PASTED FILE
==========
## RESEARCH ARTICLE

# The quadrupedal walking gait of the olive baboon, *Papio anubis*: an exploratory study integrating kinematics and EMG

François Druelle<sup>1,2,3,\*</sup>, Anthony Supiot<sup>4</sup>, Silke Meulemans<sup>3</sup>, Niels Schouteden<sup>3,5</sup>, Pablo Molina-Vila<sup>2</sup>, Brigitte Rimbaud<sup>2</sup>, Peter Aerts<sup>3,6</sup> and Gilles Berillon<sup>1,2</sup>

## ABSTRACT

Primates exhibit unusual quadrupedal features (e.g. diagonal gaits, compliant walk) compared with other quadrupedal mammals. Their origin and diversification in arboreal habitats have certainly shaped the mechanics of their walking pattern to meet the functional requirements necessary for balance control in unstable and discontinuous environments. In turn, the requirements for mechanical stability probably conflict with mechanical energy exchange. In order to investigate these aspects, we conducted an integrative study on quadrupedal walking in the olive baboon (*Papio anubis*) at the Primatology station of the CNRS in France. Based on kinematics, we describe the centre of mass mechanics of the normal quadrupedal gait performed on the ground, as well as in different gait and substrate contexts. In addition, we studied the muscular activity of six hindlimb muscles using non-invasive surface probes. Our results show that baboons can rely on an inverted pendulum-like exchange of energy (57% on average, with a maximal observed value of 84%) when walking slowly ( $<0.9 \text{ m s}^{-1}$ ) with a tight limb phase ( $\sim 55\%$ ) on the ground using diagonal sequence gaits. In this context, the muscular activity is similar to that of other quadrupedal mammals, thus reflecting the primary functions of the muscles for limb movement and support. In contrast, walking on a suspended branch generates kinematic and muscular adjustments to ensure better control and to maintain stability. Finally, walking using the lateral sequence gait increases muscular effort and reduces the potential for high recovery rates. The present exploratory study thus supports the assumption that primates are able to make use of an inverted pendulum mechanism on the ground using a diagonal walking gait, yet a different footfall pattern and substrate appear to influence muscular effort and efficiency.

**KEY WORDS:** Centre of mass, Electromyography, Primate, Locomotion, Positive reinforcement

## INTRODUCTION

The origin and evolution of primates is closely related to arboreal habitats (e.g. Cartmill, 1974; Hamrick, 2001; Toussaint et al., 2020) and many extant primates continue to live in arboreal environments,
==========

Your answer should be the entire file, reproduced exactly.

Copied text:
## RESEARCH ARTICLE

# The quadrupedal walking gait of the olive baboon, *Papio anubis*: an exploratory study integrating kinematics and EMG

François Druelle<sup>1,2,3,\*</sup>, Anthony Supiot<sup>4</sup>, Silke Meulemans<sup>3</sup>, Niels Schouteden<sup>3,5</sup>, Pablo Molina-Vila<sup>2</sup>, Brigitte Rimbaud<sup>2</sup>, Peter Aerts<sup>3,6</sup> and Gilles Berillon<sup>1,2</sup>

## ABSTRACT

Primates exhibit unusual quadrupedal features (e.g. diagonal gaits, compliant walk) compared with other quadrupedal mammals. Their origin and diversification in arboreal habitats have certainly shaped the mechanics of their walking pattern to meet the functional requirements necessary for balance control in unstable and discontinuous environments. In turn, the requirements for mechanical stability probably conflict with mechanical energy exchange. In order to investigate these aspects, we conducted an integrative study on quadrupedal walking in the olive baboon (*Papio anubis*) at the Primatology station of the CNRS in France. Based on kinematics, we describe the centre of mass mechanics of the normal quadrupedal gait performed on the ground, as well as in different gait and substrate contexts. In addition, we studied the muscular activity of six hindlimb muscles using non-invasive surface probes. Our results show that baboons can rely on an inverted pendulum-like exchange of energy (57% on average, with a maximal observed value of 84%) when walking slowly ( $<0.9 \text{ m s}^{-1}$ ) with a tight limb phase ( $\sim 55\%$ ) on the ground using diagonal sequence gaits. In this context, the muscular activity is similar to that of other quadrupedal mammals, thus reflecting the primary functions of the muscles for limb movement and support. In contrast, walking on a suspended branch generates kinematic and muscular adjustments to ensure better control and to maintain stability. Finally, walking using the lateral sequence gait increases muscular effort and reduces the potential for high recovery rates. The present exploratory study thus supports the assumption that primates are able to make use of an inverted pendulum mechanism on the ground using a diagonal walking gait, yet a different footfall pattern and substrate appear to influence muscular effort and efficiency.

**KEY WORDS:** Centre of mass, Electromyography, Primate, Locomotion, Positive reinforcement

## INTRODUCTION

The origin and evolution of primates is closely related to arboreal habitats (e.g. Cartmill, 1974; Hamrick, 2001; Toussaint et al., 2020) and many extant primates continue to live in arboreal environments,